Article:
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Jessica Calles

February 11, 2010


Critical Interpretation of Anyon

The essay titled “Social Class and the hidden curriculum of work” written by Jean

Anyon, describes in detail a study performed in the state of New Jersey with five elementary

schools. The essay describes the differences between the curriculums of work provided to 5th

graders from five different elementary schools in the state of New Jersey. The study was applied

in two working-class schools, one middle-class school, one affluent professional school, and one

executive elite school. The essay targets to explain to the reader the “hidden curriculum of

work” applied to schools all over the country, which prepares students only for the kind of work

their parents participate in. The essay explains how the social class plays a part in the kind of

education a child receives, the way they are talked to by teachers, and the decision making they

are allowed to do. Jean Anyon describes social class as “a series of relationships” and she defines

it as “the way a person relates to the process in society, which goods, services and cultures are

produced, and ones relations to the system of ownership, to other people, and to ones own

productivity” (227). Anyon uses this concept of social class and applies it to the five different

elementary schools in order to portray how social class does ultimately have an impact on a

child’s education. The essay provides support to the theory of the “hidden curriculum” by stating

observations done by researchers, quoting students as well as teachers, and also including a

couple of supportive interviews done to staff members at the school.

Overall the essay written by Jean Anyon states the dramatic differences in the education

provided to students based on their social class. Students in the working-class schools are

allowed almost no decision making, and they follow a very high structured class with no

flexibility and no negotiation. Anyon’s research reveals that “their present schools work is an
appropriate presentation for future wage labor that is mechanical and routine” (247). On the

other hand children on the opposite end of the spectrum, children in the executive elite schools,

are allowed plenty of decision making and plenty of flexibility on the way they want to

accomplish their work and when they want to perform it. Children at these schools feel as though

their opinions are highly taken into consideration and are allowed to make decisions on their

own. The dramatic differences in the schools as you move up the ladder in social class are

extremely alarming.

Children are limited to an education depending on the social class they are born into. This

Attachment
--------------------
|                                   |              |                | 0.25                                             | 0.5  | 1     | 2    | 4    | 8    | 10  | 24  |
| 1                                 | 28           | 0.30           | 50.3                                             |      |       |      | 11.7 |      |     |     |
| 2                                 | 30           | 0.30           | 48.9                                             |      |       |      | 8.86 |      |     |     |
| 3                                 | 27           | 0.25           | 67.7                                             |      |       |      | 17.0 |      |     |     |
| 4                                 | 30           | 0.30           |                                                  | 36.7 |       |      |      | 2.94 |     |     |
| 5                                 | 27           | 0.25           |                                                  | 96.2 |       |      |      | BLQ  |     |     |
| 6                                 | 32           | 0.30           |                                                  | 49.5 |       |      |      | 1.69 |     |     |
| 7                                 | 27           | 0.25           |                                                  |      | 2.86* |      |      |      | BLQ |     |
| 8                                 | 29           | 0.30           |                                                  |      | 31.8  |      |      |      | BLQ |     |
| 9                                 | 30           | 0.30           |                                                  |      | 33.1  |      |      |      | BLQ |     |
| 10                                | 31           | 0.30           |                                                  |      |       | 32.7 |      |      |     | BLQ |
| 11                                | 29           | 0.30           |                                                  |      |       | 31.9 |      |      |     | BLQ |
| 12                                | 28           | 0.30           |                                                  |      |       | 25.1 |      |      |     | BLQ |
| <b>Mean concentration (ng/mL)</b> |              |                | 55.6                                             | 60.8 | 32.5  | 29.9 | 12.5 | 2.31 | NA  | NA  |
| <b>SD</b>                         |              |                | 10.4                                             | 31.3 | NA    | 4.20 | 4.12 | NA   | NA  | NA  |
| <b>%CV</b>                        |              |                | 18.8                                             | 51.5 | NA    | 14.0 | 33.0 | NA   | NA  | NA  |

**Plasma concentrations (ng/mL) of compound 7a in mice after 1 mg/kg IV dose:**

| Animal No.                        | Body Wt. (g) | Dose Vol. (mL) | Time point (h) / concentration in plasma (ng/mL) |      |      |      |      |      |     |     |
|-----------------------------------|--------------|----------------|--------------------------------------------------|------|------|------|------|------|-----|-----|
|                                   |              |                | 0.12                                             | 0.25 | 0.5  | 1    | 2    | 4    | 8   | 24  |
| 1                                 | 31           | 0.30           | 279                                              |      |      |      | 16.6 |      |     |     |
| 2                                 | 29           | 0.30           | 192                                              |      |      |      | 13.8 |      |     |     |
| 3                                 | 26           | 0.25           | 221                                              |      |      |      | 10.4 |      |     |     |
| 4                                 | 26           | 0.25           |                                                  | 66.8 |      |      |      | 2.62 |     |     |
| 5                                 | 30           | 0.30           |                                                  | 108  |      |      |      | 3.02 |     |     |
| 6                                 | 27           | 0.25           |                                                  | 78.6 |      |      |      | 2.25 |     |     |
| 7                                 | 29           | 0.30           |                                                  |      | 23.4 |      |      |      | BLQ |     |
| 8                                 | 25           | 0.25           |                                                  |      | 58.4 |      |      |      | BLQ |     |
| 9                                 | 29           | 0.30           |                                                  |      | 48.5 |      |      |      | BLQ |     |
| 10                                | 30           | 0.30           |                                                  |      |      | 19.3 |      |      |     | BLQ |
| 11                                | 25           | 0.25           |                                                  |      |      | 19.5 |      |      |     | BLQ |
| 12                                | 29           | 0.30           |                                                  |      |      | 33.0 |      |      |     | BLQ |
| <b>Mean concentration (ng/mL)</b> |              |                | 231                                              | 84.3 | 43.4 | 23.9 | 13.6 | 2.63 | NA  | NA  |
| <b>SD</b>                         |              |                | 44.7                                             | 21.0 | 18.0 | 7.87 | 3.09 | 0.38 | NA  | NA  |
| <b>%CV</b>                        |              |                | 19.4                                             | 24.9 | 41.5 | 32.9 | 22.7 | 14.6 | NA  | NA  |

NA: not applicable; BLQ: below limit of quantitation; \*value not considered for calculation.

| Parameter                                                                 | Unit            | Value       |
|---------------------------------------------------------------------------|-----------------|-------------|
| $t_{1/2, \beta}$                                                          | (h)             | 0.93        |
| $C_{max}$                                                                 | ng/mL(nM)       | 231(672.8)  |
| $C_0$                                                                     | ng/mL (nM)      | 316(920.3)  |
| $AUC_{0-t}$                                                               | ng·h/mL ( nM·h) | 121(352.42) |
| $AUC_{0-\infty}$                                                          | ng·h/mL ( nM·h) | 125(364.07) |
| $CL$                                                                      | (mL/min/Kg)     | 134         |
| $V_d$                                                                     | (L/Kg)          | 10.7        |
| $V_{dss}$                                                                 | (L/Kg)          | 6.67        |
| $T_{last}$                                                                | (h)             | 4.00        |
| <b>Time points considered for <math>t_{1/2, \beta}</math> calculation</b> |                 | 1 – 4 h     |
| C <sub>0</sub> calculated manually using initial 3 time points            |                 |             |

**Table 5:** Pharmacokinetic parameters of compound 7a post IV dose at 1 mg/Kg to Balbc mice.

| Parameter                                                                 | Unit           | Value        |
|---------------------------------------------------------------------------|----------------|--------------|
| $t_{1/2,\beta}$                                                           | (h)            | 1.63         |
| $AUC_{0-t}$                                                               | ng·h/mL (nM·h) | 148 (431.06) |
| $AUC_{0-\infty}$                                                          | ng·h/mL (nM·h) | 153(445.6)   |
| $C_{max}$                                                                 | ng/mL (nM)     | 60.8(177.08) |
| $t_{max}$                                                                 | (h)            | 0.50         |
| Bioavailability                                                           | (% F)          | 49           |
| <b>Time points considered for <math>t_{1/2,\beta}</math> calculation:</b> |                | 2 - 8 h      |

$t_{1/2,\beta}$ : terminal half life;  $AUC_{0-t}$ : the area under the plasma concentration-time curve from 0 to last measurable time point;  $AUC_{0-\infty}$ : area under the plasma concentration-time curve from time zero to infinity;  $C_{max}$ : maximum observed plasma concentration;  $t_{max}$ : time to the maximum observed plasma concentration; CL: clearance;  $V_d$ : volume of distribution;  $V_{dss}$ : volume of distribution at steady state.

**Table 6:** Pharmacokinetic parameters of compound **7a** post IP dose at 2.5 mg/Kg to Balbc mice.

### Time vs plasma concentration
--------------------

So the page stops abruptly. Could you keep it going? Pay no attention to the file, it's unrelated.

limits children’s ability to move up the social class ladder and therefore making it harder for

children of a working-class school to one day become part of the Elite class. I found it very

unfair how children in the working-class schools were given no flexibility and were not allowed

to solve problems on there own rather they had to follow a series of steps to get to the answer.

The working class schools also made the children feel as though they had no say in any topic

concerning their education and were not allowed to have their own ideas or opinions. In the Elite

class schools however children are given an overwhelming amount of flexibility compared to the

working class schools. The Elite schools are more about what the students want than what the

teacher decides. Anyon states in her essay that “the executive elite schools gives its children

something that none of the other schools does: knowledge of and practice in manipulating the

socially legitimated tools of analysis of systems” (248). This indicates the clear advantage that

children in the executive elite class have over children in the working class because they are

given more tools to succeed as well as more knowledge over certain topics.

I feel the essay provided very truthful information about the school system in the United

States; however some measures could have been added to better support the structure of the
Anyon’s argument. First I believe the study should have included different states other than New

Jersey to show that it is an issue country wise as opposed to state wise. The study should have

also included observation from higher level of schooling such as middle school and high school

to show how the “hidden curriculum of work” carries on through the child’s educational carrier.

Lastly, a follow up on the children after they graduated high school and entered the work force

would have provided the reader with additional support to better conceptualize how the hidden

curriculum affects the children in the long run. Other than that I found the article to be very

insightful and interesting. Jean Anyon clearly expresses a serious concern the educational system

has here in the United States.

Jessica,

Please be sure to include a self-assessment next time.

Your paper does a good job of showing that you know what Anyon is proposing in her essay and

why these claims are to be taken seriously. What you can focus on in your revision is more

clarity on what your main point is in the paper. What do you want to get across to your readers

here? You state that Anyon’s info is alarming and the situation is unfair. You also briefly

mention how Anyon’s essay could have been more convincing. How do all these ideas tie

together? Once you have that main idea articulated, then read your work aloud to listen for any

awkward phrasing or where your prose could be clearer.


Works cited:

Anyon, Jean. "Social Class and the Hidden Curriculum of Work." Writing Conventions. Eds. Lu

and Horner. New York: Pearson, 2008. 225-51. Print.